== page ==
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Help at hand . . . Pupils from Cheviot Area School, along with Deputy Principal Scott Bermingham respond to the call to help save stricken eels stuck in mud in St Anne's Lagoon. PHOTO: SCOTT BERNINGHAM

 

By AMANDA BOWES

For the fourth year in a row, parts of North Canterbury have taken on a familiar bleached look as the big dry continues and its impact being felt in a variety of ways.

Cheviot’s St Anne’s Lagoon has suffered from an accumulated lack of rain – to the point where it has completely dried up.

On February 3, a call for help went out to the community to save the eels which were perishing in the sticky mud.

Cheviot Area School’s Deputy Principal, Scott Bermingham, responded and with 11 students joined in the race to save the eels and take them to the Waiau River. Over 2000 eels were successfully relocated.

Hurunui District Councillor, Vince Daly, says the lagoon last dried up in the 1970s and late 1960s.

Farmers are also being affected and Mr Daly says those facing a fourth year of drought are starting to run out of ideas.

“People are beginning to hit the wall, stock dams have gone dry.” There was a feeling of ‘what now’?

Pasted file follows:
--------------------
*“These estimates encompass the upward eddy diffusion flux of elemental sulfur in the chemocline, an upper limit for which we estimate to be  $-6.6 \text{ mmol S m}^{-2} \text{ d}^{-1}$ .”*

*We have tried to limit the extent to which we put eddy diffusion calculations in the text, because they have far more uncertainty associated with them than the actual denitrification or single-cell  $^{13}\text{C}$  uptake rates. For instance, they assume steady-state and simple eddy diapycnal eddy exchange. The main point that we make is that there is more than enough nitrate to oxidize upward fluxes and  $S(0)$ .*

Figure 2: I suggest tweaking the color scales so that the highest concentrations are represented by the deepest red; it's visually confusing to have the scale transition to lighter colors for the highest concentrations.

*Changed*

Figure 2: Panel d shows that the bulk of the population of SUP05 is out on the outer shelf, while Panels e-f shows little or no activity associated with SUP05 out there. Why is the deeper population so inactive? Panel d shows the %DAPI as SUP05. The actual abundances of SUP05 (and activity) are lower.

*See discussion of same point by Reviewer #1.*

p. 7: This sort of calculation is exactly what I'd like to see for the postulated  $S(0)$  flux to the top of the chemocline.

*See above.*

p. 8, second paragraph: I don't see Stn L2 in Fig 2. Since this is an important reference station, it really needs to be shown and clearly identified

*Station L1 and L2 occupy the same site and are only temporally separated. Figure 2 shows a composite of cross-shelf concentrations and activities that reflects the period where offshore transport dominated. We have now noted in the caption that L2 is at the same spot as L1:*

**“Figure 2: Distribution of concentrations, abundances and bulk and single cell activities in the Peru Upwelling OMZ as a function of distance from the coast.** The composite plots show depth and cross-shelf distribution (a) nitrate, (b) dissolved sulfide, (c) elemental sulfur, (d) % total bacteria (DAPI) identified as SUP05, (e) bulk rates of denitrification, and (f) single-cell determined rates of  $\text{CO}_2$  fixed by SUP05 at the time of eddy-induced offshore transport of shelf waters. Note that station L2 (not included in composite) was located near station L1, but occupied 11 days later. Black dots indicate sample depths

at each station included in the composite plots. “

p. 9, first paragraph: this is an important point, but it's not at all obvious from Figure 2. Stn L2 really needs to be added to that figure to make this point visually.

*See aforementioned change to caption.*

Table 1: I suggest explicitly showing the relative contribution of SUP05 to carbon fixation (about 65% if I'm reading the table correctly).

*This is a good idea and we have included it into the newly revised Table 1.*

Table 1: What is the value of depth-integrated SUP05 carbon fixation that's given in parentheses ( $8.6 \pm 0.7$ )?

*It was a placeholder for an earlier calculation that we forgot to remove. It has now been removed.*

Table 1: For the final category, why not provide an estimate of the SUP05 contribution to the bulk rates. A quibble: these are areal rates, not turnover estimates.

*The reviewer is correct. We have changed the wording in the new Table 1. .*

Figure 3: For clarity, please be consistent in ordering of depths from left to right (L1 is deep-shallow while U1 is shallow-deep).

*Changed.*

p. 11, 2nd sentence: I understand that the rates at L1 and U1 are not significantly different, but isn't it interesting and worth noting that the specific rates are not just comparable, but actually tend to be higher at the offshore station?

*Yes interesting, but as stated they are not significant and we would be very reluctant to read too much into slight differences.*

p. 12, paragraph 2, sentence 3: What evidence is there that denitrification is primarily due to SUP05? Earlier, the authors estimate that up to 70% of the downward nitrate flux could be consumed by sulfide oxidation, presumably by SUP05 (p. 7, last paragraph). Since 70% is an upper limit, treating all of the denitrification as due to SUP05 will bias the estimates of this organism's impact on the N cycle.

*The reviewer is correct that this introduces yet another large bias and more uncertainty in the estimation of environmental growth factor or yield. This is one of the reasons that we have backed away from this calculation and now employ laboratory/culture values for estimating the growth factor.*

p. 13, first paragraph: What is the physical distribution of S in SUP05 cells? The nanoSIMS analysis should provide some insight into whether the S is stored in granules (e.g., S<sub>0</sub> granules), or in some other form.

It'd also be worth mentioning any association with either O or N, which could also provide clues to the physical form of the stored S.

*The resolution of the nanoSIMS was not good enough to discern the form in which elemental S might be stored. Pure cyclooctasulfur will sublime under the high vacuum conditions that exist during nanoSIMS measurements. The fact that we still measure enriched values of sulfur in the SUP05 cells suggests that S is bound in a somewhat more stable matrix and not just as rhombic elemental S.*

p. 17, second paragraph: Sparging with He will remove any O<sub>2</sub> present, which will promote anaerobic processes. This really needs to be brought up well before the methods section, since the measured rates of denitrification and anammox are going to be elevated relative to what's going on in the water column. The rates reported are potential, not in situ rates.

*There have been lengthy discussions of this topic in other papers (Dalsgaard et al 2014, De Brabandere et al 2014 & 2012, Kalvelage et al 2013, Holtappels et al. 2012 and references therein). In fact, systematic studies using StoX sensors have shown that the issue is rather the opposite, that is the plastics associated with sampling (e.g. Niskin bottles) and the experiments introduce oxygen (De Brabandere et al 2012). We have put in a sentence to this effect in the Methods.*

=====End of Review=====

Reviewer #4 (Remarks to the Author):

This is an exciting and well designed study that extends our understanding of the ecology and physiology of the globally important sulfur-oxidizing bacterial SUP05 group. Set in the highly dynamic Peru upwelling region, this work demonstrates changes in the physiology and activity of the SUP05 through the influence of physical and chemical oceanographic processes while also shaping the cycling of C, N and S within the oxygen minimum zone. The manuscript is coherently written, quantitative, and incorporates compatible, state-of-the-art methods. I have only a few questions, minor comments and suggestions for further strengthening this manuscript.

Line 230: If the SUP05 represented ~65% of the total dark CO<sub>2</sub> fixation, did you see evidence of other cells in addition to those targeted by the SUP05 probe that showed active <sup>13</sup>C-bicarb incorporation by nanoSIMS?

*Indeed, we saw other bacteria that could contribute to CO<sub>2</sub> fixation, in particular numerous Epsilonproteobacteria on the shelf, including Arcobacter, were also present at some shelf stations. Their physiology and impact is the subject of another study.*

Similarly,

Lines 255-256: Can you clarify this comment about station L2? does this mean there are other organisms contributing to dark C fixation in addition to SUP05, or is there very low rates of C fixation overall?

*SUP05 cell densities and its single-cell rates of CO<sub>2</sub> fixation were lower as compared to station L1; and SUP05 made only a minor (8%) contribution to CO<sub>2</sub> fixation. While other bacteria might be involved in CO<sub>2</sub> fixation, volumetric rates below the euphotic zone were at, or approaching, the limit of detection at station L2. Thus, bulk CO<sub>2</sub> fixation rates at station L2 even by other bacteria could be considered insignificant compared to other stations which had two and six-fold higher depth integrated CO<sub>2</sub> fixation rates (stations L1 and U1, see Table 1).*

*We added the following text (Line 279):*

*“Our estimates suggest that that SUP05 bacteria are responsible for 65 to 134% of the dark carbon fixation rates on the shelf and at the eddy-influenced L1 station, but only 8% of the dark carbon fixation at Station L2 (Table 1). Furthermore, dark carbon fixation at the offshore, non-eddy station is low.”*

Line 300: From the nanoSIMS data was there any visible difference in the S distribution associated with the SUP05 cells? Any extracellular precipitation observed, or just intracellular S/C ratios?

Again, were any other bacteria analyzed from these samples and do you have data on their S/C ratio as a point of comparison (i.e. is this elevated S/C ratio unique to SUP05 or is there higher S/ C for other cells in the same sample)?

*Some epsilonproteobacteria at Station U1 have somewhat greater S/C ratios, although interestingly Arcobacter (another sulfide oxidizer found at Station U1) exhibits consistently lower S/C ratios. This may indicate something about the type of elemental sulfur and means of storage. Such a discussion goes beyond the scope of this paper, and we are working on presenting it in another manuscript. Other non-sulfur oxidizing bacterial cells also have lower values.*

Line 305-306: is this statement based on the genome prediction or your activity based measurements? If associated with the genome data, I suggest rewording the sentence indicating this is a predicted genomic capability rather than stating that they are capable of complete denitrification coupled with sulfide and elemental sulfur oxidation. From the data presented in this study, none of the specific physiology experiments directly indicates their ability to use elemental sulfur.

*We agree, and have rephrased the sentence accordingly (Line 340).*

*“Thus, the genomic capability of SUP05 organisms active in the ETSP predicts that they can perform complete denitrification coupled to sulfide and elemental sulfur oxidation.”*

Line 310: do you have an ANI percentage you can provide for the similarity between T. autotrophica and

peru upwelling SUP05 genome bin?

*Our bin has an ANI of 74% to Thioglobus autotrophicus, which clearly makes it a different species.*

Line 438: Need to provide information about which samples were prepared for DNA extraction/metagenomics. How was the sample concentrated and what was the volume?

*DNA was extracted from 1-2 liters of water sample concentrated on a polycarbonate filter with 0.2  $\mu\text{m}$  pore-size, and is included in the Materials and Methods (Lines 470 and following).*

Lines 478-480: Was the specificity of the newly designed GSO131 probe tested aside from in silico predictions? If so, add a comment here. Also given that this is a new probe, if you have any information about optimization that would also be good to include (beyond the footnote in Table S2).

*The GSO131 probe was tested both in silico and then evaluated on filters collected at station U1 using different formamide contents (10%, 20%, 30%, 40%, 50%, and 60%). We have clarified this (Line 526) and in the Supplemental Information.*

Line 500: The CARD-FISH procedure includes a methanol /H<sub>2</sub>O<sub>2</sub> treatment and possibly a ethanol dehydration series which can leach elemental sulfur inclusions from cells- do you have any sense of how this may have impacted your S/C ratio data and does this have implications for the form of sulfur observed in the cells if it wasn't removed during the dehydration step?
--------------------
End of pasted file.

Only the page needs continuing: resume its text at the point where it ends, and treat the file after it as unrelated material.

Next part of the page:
The hills along the east coast from Waipara to Kaikoura and back towards Culverden have dried off considerably in the past few weeks.

The toxic algal bloom has reared its head in places popular for swimming across Canterbury and Environment Canterbury has made the swimming hole behind the Balmoral Camping Ground and the Hurunui River by SH7 a no go zone. The black algae can be fatal to children and dogs with only one teaspoon of ingested material enough to kill a child.

Further down the road in the Hawarden-Waikari area, the dry also continues.

Rainfall in spring and a lack of the usual Nor-West wind meant good growth and more supplementary feed made than the year before, but after weeks of hot Nor-Westers the ground is suffering again.

Federated Farmers North Canterbury vice-president Dan Hodgen says the area is still very dry but the support from MPI is still there.

Dry winters are now the problem, he says, as ground water isn’t being re-charged.

“It’s getting drier, but people are dealing with it really well. February is normally dry for the area but I’ve just about given up guessing what will happen in the future.”

The dry has been of benefit to grain growers with both dry land and irrigated properties getting good yields and good weather for heading.